Holder: "No One Is Above The Law"


Attorney General Eric Holder said Wednesday that he would "follow the law" as he weighed potential prosecutions of Bush administration officials who authorized controversial harsh interrogation techniques. . . "We are going to follow the evidence, follow the law and take that where it leads. No one is above the law," Holder said at an Earth Day event.

Of course, this is already proven untrue, as President Obama has stated CIA interrogators will not be investigated, much less prosecuted. We'll see what it really means in due course.

Speaking for me only

< Harman Incident: Personalities Over Policy | Contradicting Obama's DNI, FBI Interrogator Says Torture Was Ineffective >
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    If they don't actually intend to do anything (5.00 / 1) (#1)
    by andgarden on Thu Apr 23, 2009 at 11:11:35 AM EST
    why do they keep blowing smoke?

    indeed (none / 0) (#3)
    by lilburro on Thu Apr 23, 2009 at 11:17:15 AM EST
    Holder is putting himself in a position now where if he doesn't find fault in what Bushco did, he will be endorsing it (the Blair position).  An uncomfortable fit.

    The FBI say's they are so (none / 0) (#9)
    by SOS on Thu Apr 23, 2009 at 11:46:06 AM EST
    overwhelmed it may as well be referred to as the great corruption landslide of 2008. Kind of like the Great Garbage Landslide in the movie Idiocracy.

    It may be a bit of rope-a-dope (none / 0) (#22)
    by msaroff on Thu Apr 23, 2009 at 12:45:00 PM EST
    If it turns out that most of the torture was done by contractors, as opposed to CIA agents.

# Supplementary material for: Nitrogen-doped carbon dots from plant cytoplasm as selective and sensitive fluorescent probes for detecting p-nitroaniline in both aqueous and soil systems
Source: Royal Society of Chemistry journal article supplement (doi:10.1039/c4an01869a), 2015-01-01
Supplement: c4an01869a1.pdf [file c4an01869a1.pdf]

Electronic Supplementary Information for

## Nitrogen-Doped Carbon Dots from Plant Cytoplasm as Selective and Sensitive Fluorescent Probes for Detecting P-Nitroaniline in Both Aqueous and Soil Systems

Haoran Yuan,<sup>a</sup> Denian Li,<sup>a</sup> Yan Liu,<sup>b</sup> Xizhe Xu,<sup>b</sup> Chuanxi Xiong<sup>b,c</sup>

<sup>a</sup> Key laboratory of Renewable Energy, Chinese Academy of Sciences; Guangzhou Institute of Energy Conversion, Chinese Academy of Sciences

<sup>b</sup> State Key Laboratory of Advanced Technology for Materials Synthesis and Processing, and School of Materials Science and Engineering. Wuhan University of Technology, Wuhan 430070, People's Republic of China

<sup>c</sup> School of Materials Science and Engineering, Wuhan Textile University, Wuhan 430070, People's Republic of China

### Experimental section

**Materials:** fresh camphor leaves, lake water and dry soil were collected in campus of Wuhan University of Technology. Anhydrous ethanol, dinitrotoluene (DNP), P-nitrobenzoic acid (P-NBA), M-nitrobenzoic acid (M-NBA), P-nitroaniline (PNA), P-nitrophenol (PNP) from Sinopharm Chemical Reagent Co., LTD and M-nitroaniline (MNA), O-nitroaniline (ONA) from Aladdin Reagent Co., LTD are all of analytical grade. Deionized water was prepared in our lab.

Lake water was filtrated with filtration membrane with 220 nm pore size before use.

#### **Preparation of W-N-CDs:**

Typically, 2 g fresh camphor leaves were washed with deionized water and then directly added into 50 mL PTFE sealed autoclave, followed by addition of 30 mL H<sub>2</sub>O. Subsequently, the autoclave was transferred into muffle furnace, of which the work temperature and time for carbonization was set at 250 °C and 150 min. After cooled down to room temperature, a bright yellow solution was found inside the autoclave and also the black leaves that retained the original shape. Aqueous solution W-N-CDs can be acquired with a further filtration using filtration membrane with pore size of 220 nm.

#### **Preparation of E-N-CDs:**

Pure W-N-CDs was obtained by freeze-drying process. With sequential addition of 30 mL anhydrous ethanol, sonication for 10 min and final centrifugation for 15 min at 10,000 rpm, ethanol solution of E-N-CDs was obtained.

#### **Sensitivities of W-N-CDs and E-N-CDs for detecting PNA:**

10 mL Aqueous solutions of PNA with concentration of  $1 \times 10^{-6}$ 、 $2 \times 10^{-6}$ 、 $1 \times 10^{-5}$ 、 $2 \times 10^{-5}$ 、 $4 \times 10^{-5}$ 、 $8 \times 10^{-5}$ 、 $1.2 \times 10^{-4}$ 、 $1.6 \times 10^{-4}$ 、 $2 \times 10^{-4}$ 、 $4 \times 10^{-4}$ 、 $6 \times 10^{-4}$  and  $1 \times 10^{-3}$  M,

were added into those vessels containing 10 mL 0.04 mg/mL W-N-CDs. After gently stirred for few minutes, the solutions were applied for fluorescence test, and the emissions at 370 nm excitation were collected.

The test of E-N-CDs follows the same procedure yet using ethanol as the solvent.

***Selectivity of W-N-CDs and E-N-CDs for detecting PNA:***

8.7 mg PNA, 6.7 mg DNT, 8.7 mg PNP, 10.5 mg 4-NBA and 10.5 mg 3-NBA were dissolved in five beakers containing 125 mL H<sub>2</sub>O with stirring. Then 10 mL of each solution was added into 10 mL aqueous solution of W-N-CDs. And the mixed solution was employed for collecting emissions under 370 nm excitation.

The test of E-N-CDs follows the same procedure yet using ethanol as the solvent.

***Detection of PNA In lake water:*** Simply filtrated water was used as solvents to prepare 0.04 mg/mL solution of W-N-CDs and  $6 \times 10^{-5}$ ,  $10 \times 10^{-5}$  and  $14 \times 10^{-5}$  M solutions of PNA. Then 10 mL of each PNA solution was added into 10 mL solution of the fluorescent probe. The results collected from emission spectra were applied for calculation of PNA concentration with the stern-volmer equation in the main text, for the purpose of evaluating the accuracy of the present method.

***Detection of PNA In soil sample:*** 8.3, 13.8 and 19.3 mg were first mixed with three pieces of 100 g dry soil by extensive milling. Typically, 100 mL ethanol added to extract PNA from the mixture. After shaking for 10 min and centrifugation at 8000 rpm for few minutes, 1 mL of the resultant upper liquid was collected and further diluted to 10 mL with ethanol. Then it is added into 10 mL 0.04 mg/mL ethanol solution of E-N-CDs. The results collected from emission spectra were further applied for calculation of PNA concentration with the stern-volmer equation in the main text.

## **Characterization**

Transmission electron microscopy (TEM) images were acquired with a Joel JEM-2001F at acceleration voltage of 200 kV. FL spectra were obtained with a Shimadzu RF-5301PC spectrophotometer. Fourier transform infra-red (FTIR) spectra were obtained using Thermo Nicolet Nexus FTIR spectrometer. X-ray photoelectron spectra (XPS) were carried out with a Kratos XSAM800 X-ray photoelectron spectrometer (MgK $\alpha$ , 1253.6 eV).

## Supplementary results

He only made a statement to not prosecute the agents.


    Good question (none / 0) (#23)
    by Militarytracy on Thu Apr 23, 2009 at 12:49:49 PM EST
    I'm on the side of accountability being sought.  I realize that the current tide is against us but with each statement made like this one, it looks better and better for us. How many fibs can you tell me offering me what I want before you have to be held accountable too?

    Okay, I know it's the WaPo, but (5.00 / 1) (#26)
    by Anne on Thu Apr 23, 2009 at 02:46:13 PM EST
    I read this at Think Progress this morning (emphasis appeared in the original):

    Yesterday, President Obama said he would support a "bipartisan" congressional commission examining the Bush administration's torture program. The Washington Post's Dan Balz reports that this development followed weeks of "vigorous" debate inside the White House. Obama reportedly rejected a 9/11-style national commission because he thought it would "ratchet the whole thing up":

    There was, according to a senior official, considerable support among Obama's advisers for the creation of a 9-11 Commission-style investigation as an alternative to releasing the Justice Department memos. But Obama quashed it. "His concern was that would ratchet the whole thing up," the official said. "His whole thing is, I banned all this. This chapter is over. What we don't need now is to become a sort of feeding frenzy where we go back and re-litigate all this."